Read The Golden Compass (His Dark Materials #1)(15) online free by Philip Pullman
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The Golden Compass (His Dark Materials #1)(15)
Author: Philip Pullman

“But I wonder about your choice of companions. Are you a lonely child?” “No,” she said.

“Do you…do you miss the society of other children?” “No.”

“I don't mean Roger the kitchen boy. I mean children such as yourself. Nobly born children. Would you like to have some companions of that sort?” “No.”

“But other girls, perhaps…” “No.”

“You see, none of us would want you to miss all the usual childhood pleasures and pastimes. I sometimes think it must be a lonely life for you here among a company of elderly Scholars, Lyra. Do you feel that?” “No.”

He tapped his thumbs together over his interlaced fingers, unable to think of anything else to ask this stubborn child.

“If there is anything troubling you,” he said finally, “you know you can come and tell me about it. I hope you feel you can always do that.” “Yes,” she said.

“Do you say your prayers?”

“Yes.”

“Good girl. Well, run along.”

With a barely concealed sigh of relief, she turned and left. Having failed to find Gobblers below ground, Lyra took to the streets again. She was at home there.

Then, almost when she'd lost interest in them, the Gobblers appeared in Oxford.

The first Lyra heard of it was when a young boy went missing from a gyptian family she knew.

It was about the time of the horse fair, and the canal basin was crowded with narrowboats and butty boats, with traders and travelers, and the wharves along the waterfront in Jericho were bright with gleaming harness and loud with the clop of hooves and the clamor of bargaining. Lyra always enjoyed the horse fair; as well as the chance of stealing a ride on a less-than-well-attended horse, there were endless opportunities for provoking warfare.

And this year she had a grand plan. Inspired by the capture of the narrowboat the year before, she intended this time to make a proper voyage before being turned out. If she and her cronies from the College kitchens could get as far as Abingdon, they could play havoc with the weir….

But this year there was to be no war. Something else happened. Lyra was sauntering along the edge of the Port Meadow boatyard in the morning sun, without Roger for once (he had been detailed to wash the buttery floor) but with Hugh Lovat and Simon Parslow, passing a stolen cigarette from one to another and blowing out the smoke ostentatiously, when she heard a cry in a voice she recognized.

“Well, what have you done with him, you half-arsed pillock?”

It was a mighty voice, a woman's voice, but a woman with lungs of brass and leather. Lyra looked around for her at once, because this was Ma Costa, who had clouted Lyra dizzy on two occasions but given her hot gingerbread on three, and whose family was noted for the grandeur and sumptu-ousness of their boat. They were princes among gyptians, and Lyra admired Ma Costa greatly, but she intended to be wary of her for some time yet, for theirs was the boat she had hijacked.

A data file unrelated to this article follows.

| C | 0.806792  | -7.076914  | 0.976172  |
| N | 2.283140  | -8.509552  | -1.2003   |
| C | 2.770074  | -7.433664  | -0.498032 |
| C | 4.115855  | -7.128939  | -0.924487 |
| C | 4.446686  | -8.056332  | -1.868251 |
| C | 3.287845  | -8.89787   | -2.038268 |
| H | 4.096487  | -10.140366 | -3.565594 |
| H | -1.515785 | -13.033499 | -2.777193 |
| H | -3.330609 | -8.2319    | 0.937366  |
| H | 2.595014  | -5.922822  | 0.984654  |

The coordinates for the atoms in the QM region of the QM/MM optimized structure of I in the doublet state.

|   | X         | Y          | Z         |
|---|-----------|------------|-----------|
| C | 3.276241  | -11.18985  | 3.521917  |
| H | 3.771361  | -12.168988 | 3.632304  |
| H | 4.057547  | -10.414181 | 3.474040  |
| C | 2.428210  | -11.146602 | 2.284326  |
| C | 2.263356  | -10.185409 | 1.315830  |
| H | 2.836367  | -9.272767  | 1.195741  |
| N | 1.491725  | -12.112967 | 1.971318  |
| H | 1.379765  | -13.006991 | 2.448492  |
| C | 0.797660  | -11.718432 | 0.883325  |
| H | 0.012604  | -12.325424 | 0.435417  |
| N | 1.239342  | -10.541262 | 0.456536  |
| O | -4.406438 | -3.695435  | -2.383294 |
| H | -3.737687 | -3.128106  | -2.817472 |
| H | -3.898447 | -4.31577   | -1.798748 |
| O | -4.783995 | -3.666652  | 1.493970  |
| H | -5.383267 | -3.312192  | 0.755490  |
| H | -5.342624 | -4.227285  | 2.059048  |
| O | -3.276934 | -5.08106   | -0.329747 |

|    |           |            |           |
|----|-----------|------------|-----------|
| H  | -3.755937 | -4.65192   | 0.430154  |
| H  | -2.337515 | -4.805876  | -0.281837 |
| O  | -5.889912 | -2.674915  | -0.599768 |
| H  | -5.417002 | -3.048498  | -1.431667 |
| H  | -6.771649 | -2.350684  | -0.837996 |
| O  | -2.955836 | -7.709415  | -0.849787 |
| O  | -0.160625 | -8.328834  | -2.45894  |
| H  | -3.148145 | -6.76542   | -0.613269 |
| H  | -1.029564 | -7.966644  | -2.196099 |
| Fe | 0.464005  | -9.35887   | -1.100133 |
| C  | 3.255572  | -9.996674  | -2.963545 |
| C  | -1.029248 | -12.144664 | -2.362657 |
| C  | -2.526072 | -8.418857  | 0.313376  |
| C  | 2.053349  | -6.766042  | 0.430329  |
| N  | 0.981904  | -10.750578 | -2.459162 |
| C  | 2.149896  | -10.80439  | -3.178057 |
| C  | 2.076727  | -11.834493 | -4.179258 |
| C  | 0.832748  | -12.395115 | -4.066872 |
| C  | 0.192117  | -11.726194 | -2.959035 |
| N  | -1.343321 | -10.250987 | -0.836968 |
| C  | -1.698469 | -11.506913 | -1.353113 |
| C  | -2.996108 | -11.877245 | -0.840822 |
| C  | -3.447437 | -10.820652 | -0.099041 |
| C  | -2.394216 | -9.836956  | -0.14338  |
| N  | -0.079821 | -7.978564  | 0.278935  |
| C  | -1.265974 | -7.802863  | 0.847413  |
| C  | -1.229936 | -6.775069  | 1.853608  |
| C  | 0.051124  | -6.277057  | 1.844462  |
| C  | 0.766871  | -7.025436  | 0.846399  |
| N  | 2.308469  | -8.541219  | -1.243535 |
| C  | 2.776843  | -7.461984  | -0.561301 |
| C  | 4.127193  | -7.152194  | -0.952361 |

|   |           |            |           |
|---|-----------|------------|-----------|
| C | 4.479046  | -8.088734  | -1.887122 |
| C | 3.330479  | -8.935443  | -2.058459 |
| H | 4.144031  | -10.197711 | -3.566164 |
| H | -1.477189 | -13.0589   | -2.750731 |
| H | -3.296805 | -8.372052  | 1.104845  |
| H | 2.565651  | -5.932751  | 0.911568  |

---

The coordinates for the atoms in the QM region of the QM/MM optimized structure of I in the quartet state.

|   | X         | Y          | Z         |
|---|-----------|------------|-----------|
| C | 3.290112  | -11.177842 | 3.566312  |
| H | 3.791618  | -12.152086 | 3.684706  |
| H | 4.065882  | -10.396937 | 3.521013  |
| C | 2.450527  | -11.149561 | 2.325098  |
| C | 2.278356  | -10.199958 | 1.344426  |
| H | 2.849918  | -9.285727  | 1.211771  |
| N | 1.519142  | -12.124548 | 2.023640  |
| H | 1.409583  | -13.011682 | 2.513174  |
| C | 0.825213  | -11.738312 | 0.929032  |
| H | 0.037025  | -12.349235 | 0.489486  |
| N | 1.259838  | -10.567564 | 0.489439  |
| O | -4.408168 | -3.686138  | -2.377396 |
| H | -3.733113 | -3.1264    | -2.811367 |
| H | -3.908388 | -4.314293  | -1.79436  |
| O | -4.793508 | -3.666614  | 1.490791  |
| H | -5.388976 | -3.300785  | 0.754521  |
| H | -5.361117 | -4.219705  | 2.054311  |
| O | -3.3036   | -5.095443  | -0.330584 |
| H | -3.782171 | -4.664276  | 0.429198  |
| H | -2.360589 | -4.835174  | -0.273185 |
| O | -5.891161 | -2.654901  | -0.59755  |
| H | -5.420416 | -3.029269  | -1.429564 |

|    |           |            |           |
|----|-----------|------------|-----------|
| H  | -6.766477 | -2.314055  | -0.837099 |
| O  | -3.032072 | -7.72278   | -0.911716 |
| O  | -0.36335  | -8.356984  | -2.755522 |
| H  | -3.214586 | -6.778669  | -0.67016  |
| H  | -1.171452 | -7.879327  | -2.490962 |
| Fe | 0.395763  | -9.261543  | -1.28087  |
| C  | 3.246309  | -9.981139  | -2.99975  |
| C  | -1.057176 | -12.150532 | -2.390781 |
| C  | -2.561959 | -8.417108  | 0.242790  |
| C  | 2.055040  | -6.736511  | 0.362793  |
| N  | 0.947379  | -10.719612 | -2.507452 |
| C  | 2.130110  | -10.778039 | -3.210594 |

One of Lyra's brat companions picked up a stone automatically when he heard the commotion, but Lyra said, “Put it down. She's in a temper. She could snap your backbone like a twig.”

In fact, Ma Costa looked more anxious than angry. The man she was addressing, a horse trader, was shrugging and spreading his hands.

“Well, I dunno,” he was saying. “He was here one minute and gone the next. I never saw where he went….”

“He was helping you! He was holding your bloody horses for you!”

“Well, he should've stayed there, shouldn't he? Runs off in the middle of a job—”

He got no further, because Ma Costa suddenly dealt him a mighty blow on the side of the head, and followed it up with such a volley of curses and slaps that he yelled and turned to flee. The other horse traders nearby jeered, and a flighty colt reared up in alarm.

“What's going on?” said Lyra to a gyptian child who'd been watching open-mouthed. “What's she angry about?”

“It's her kid,” said the child. “It's Billy. She probly reckons the Gobblers got him. They might've done, too. I ain't seen him meself since—”

“The Gobblers? Has they come to Oxford, then?”

The gyptian boy turned away to call to his friends, who were all watching Ma Costa.

“She don't know what's going on! She don't know the Gobblers is here!”

Half a dozen brats turned with expressions of derision, and Lyra threw her cigarette down, recognizing the cue for a fight. Everyone's daemon instantly became warlike: each child was accompanied by fangs, or claws, or bristling fur, and Pantalaimon, contemptuous of the limited imaginations of these gyptian daemons, became a dragon the size of a deer hound.

But before they could all join battle, Ma Costa herself waded in, smacking two of the gyptians aside and confronting Lyra like a prizefighter.

“You seen him?” she demanded of Lyra. “You seen Billy?”

“No,” Lyra said. “We just got here. I en't seen Billy for months.”

Ma Costa's daemon was wheeling in the bright air above her head, a hawk, fierce yellow eyes snapping this way and that, unblinking. Lyra was frightened. No one worried about a child gone missing for a few hours, certainly not a gyptian: in the tight-knit gyptian boat world, all children were precious and extravagantly loved, and a mother knew that if a child was out of sight, it wouldn't be far from someone else's who would protect it instinctively.

But here was Ma Costa, a queen among the gyptians, in a terror for a missing child. What was going on?

Ma Costa looked half-blindly over the little group of children and turned away to stumble through the crowd on the wharf, bellowing for her child. At once the children turned back to one another, their feud abandoned in the face of her grief.

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